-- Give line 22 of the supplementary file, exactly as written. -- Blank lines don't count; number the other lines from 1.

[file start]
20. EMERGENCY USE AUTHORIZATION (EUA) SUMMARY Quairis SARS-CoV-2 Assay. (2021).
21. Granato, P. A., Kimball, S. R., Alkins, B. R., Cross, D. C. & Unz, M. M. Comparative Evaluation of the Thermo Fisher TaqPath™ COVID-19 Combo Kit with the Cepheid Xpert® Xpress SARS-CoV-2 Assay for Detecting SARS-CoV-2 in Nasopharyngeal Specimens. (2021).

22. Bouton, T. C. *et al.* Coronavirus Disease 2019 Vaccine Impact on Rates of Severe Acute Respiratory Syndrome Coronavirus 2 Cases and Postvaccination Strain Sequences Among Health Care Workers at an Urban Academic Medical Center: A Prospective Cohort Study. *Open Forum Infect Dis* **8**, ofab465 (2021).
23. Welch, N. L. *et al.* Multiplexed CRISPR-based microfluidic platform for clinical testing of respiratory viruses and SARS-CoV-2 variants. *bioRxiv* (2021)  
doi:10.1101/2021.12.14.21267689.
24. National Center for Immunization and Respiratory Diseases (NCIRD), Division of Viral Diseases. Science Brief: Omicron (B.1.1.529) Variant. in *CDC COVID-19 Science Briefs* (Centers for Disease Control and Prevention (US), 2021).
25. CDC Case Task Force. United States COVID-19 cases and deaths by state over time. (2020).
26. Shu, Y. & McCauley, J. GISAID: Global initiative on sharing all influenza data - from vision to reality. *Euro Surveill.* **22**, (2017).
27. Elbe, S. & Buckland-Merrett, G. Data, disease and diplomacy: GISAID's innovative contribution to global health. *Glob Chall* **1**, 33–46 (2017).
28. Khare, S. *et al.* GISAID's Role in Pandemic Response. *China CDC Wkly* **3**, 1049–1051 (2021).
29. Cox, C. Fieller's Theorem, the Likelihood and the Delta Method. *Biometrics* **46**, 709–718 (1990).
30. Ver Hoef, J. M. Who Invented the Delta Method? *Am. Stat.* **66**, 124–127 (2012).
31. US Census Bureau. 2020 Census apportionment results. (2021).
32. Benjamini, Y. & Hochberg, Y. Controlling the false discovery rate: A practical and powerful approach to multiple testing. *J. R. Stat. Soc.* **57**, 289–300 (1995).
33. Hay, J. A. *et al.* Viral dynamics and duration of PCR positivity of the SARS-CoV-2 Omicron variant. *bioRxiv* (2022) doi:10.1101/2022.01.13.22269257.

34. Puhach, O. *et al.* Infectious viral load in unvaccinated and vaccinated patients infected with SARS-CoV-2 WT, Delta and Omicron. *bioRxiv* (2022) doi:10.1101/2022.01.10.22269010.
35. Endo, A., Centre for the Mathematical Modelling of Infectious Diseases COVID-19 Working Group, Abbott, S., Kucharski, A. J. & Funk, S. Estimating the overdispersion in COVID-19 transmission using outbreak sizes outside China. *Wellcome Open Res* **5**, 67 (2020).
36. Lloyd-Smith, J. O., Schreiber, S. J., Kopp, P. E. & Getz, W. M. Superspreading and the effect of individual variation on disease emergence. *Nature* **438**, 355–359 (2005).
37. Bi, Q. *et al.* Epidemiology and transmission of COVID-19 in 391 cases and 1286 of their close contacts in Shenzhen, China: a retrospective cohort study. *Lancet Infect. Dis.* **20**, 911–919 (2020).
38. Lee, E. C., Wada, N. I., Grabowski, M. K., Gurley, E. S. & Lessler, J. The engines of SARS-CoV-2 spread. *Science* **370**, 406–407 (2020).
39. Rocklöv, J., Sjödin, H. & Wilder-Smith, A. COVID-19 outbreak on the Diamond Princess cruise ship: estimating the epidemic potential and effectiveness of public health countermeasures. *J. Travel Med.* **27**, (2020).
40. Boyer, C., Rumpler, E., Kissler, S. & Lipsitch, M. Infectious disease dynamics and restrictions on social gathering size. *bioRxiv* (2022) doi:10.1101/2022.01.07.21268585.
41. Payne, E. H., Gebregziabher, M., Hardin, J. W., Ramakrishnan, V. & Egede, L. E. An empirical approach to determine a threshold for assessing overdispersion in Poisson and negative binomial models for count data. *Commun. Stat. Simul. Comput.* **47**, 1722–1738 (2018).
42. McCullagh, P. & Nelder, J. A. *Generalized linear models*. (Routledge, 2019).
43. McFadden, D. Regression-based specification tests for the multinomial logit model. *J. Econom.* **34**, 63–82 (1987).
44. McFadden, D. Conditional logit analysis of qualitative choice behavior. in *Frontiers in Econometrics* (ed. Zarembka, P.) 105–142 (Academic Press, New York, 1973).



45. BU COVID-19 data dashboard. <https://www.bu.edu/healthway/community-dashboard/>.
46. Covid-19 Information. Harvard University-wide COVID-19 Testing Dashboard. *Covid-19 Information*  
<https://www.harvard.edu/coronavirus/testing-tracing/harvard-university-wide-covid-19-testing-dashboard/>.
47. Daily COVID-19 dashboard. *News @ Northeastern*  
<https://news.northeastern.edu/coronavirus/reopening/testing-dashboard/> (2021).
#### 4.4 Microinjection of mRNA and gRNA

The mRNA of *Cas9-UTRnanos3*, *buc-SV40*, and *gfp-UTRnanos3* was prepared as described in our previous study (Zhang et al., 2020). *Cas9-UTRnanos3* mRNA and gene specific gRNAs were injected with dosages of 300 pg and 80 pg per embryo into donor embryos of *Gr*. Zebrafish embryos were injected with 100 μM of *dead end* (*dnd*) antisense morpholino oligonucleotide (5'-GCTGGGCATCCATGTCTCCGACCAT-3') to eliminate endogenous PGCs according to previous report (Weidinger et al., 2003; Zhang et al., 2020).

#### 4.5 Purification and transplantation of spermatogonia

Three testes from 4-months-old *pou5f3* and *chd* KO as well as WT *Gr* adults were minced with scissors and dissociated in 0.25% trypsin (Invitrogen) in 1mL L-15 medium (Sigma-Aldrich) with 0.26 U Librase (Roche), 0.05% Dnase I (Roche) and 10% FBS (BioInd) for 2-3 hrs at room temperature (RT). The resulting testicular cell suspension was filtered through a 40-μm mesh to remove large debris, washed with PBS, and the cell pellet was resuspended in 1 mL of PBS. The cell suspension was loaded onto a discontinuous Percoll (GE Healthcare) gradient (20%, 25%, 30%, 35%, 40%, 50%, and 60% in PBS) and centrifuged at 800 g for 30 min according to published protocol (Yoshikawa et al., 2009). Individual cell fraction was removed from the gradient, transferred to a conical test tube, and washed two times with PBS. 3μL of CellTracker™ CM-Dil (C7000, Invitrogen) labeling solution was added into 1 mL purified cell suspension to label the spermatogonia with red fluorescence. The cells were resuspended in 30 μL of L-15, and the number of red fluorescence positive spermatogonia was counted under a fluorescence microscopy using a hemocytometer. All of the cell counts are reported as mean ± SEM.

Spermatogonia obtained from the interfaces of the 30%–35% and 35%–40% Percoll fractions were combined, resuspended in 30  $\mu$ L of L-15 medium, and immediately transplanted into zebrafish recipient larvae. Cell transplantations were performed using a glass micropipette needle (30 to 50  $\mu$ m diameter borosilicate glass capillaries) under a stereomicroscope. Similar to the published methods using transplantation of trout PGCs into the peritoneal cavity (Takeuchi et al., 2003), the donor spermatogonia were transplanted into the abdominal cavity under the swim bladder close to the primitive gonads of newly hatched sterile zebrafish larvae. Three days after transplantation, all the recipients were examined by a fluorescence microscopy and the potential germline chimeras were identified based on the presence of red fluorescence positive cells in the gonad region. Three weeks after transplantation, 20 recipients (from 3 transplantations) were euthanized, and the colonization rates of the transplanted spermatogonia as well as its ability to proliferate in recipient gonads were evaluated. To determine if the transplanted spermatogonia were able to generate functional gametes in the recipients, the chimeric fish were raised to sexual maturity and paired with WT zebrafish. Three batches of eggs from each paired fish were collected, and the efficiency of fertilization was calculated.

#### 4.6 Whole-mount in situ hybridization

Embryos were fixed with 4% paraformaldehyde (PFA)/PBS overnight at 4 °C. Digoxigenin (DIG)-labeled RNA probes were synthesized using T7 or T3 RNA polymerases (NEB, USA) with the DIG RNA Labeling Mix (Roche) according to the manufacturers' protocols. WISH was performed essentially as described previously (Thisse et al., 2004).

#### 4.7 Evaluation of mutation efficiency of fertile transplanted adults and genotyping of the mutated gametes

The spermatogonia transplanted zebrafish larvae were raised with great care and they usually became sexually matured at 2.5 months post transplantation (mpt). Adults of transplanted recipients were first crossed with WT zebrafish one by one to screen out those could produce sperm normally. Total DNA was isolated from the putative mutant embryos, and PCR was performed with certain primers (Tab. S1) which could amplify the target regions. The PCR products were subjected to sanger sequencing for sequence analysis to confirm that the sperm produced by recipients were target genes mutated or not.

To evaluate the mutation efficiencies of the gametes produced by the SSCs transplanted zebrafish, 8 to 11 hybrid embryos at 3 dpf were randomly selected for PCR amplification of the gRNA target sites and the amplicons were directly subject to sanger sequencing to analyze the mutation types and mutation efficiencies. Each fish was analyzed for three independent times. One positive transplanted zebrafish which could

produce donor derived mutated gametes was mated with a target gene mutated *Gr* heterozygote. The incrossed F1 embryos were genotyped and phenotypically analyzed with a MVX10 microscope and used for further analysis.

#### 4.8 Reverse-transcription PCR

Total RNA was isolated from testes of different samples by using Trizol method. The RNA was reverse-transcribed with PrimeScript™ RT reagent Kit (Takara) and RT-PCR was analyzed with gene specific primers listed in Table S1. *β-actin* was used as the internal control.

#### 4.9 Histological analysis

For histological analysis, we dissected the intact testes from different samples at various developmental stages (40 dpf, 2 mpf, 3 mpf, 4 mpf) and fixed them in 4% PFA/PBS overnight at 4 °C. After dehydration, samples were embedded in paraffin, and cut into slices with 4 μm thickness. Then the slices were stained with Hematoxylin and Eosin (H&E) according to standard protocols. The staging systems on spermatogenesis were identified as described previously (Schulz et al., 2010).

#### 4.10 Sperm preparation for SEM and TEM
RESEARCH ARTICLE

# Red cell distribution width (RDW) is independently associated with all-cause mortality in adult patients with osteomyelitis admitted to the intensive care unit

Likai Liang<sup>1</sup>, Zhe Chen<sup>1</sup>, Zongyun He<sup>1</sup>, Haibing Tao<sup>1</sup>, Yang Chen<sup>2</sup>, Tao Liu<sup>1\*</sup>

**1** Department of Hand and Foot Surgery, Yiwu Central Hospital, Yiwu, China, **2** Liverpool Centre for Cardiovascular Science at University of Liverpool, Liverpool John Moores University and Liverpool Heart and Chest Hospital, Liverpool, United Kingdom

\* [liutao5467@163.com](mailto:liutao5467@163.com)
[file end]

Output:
40. Boyer, C., Rumpler, E., Kissler, S. & Lipsitch, M. Infectious disease dynamics and restrictions on social gathering size. *bioRxiv* (2022) doi:10.1101/2022.01.07.21268585.